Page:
By the way, space is limited, so register soon!

Thank you

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Stop Trying to Erase What You Don’t Like

I was in a weekend art class with Mrs Nyland, Willem Nyland’s wife, at the San Francisco Gurdjieff Foundation many years ago. As I was drawing, not very well in my estimation, she came over to me and strongly suggested that I stop erasing, or trying to erase, what I didn’t like and just move on, accepting how I manifested. A painful but great lesson in conscious living!

My wife and I were talking recently about the fact that many people say that if only they could live their lives over again, they would change this and that and so on and so forth. What an illusion! The fact is, though I might be tempted, there’s nothing that I would change (even if I could), for everything has brought me to exactly this moment with riches I never imagined! And now, moving toward the end of my life on this planet, I do indeed accept my life–all of it, including not just the great beauty and love, but also the confusion, pain, and suffering.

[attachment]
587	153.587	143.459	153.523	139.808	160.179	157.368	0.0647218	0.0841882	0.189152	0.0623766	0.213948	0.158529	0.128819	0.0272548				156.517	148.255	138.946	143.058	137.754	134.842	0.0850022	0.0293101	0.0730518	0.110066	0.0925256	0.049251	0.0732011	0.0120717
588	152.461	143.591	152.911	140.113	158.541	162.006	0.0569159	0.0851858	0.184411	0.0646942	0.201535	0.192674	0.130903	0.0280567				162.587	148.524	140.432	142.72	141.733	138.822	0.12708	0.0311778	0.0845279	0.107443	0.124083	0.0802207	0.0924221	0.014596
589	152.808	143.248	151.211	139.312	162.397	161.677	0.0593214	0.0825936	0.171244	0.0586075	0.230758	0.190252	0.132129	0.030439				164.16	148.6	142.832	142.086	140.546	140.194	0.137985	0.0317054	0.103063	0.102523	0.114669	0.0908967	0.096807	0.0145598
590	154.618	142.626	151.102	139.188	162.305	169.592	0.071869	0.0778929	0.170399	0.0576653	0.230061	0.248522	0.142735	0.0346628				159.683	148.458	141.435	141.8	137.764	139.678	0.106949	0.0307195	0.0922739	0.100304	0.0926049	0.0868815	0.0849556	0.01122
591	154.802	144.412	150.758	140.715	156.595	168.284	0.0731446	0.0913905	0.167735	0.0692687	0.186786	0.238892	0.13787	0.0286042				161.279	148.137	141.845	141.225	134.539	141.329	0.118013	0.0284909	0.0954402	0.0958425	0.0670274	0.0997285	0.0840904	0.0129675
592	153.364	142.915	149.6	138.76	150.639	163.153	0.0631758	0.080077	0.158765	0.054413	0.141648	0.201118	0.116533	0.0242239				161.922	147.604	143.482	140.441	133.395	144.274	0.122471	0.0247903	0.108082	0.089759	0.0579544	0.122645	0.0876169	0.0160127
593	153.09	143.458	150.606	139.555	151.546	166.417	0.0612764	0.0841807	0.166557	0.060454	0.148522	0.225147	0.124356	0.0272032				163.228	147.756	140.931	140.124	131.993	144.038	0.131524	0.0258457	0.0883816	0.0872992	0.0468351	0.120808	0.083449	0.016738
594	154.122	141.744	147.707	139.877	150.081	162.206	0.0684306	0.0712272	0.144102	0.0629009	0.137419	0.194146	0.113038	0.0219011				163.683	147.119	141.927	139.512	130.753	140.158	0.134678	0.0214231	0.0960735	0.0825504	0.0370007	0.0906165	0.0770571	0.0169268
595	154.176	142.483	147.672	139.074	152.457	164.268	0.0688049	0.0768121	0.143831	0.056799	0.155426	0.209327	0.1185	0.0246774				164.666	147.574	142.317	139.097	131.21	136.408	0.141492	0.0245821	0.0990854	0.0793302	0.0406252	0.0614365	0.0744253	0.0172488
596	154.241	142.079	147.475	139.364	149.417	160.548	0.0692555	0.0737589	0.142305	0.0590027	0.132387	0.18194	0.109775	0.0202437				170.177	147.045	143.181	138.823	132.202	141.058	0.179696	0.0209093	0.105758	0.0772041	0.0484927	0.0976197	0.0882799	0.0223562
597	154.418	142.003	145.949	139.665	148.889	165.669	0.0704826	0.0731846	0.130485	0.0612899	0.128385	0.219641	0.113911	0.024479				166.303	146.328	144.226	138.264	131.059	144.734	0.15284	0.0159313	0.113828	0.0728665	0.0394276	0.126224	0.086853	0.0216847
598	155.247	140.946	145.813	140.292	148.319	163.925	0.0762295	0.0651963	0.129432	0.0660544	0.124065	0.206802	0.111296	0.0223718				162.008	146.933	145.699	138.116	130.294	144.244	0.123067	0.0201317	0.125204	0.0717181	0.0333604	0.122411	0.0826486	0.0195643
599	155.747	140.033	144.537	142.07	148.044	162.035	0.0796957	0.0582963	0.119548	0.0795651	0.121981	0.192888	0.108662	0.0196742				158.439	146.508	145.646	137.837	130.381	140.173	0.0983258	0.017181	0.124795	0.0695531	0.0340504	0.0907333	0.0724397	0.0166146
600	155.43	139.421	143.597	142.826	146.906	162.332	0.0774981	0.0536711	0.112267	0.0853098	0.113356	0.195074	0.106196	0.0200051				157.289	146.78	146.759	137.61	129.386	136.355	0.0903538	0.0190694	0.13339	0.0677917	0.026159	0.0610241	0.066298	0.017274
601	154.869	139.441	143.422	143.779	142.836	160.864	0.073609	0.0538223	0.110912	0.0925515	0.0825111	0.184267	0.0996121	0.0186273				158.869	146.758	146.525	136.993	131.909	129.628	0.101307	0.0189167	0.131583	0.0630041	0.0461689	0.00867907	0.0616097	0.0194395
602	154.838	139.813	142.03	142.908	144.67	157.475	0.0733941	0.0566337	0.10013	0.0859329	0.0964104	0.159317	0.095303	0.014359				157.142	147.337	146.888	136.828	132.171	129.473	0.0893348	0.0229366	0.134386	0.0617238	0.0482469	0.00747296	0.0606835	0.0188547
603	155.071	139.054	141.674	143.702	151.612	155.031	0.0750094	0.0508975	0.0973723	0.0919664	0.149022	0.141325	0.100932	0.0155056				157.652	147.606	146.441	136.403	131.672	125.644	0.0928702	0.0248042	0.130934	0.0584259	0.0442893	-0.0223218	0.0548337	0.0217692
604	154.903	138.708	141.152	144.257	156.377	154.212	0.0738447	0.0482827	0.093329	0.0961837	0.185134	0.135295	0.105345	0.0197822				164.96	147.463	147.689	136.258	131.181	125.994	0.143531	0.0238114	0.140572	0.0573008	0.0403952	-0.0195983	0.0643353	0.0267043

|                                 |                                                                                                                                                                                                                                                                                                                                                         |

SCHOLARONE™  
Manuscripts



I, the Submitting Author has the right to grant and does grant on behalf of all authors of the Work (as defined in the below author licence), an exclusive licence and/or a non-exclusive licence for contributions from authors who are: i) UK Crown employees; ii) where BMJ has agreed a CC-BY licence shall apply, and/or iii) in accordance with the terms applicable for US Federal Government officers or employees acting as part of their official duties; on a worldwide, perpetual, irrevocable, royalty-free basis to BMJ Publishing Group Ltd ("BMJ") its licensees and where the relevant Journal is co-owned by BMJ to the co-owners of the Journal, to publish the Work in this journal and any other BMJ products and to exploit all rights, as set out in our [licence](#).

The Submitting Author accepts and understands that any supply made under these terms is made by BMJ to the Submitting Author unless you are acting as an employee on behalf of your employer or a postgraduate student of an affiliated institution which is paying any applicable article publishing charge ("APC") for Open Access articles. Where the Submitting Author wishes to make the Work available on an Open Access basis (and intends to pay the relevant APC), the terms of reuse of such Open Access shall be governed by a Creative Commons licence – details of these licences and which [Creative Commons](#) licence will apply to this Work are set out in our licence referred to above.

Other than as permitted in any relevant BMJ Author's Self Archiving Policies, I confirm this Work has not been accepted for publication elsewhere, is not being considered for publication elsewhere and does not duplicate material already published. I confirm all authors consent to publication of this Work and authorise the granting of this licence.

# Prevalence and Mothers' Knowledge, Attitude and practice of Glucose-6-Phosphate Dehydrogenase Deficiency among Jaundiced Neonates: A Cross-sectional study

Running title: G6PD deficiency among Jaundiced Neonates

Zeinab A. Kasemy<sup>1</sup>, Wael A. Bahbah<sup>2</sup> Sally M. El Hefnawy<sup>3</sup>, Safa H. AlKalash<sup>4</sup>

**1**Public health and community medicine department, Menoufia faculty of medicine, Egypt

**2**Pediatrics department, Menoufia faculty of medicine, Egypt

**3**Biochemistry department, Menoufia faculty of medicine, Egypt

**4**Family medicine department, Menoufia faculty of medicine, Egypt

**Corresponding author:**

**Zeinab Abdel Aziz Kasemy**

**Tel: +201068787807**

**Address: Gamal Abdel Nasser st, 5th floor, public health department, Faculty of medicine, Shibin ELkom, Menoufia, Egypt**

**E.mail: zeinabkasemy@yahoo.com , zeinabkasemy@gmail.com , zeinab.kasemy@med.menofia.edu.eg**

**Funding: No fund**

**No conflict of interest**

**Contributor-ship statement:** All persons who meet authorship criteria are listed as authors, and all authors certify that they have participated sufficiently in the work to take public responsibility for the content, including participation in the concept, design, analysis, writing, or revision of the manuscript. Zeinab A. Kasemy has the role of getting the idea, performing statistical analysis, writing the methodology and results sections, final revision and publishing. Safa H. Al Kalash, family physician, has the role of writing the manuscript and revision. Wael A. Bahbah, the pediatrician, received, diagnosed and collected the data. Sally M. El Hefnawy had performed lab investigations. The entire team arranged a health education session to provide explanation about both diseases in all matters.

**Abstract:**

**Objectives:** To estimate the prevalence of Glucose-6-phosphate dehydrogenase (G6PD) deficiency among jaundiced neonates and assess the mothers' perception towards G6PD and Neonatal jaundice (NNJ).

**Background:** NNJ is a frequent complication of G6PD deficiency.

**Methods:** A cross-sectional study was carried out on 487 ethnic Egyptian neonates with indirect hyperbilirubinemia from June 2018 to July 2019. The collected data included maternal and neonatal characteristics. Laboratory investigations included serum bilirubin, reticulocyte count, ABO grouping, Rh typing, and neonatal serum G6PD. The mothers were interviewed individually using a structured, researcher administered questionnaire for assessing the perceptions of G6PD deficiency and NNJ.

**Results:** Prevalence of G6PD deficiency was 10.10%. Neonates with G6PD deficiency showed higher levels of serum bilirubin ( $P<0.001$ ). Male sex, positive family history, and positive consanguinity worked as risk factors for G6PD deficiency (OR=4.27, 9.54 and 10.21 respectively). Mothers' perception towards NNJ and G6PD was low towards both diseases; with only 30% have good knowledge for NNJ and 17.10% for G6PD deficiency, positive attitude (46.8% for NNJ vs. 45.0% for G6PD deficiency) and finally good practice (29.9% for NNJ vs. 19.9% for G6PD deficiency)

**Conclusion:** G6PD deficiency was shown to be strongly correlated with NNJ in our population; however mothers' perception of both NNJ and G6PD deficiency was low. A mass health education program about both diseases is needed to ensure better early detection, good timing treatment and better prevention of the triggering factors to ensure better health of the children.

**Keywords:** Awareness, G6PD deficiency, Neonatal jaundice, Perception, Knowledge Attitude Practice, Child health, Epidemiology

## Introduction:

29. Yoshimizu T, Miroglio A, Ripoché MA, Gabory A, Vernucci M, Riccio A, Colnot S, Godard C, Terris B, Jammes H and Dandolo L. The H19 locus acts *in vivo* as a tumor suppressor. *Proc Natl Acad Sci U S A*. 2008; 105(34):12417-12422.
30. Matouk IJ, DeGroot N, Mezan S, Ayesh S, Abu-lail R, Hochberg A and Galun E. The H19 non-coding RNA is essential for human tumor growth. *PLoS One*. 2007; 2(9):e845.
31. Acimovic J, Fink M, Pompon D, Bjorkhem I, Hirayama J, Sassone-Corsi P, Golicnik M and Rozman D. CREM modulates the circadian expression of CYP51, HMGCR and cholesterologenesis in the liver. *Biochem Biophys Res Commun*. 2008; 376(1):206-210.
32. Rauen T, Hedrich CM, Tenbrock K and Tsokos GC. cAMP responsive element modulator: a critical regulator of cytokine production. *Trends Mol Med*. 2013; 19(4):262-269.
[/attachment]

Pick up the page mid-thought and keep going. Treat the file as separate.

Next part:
Copyright 2014-17 by Dennis Lewis

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“The Unstruck Sounds”: Don’t Let Yourself Become Breathless When You Speak

Many of us when we speak try to say too much too quickly. Sometimes we try to say as much as we can before we are interrupted. At other times we just get carried away in expressing our thoughts or feelings. In doing so we often find ourselves still speaking when we simply don’t have enough breath left to support our voice. When this happens we quickly find ourselves grasping (or even gasping) for air. This grasping creates tensions in our diaphragm, chest, back, belly, and so on, and not only undermines our breathing but also our communication. A voice deprived of the power of the breath does not carry the harmonic nuances and subtleties that are such an important part of the spoken word. Such a voice is no longer connected with the silence that gives words meaning and scale.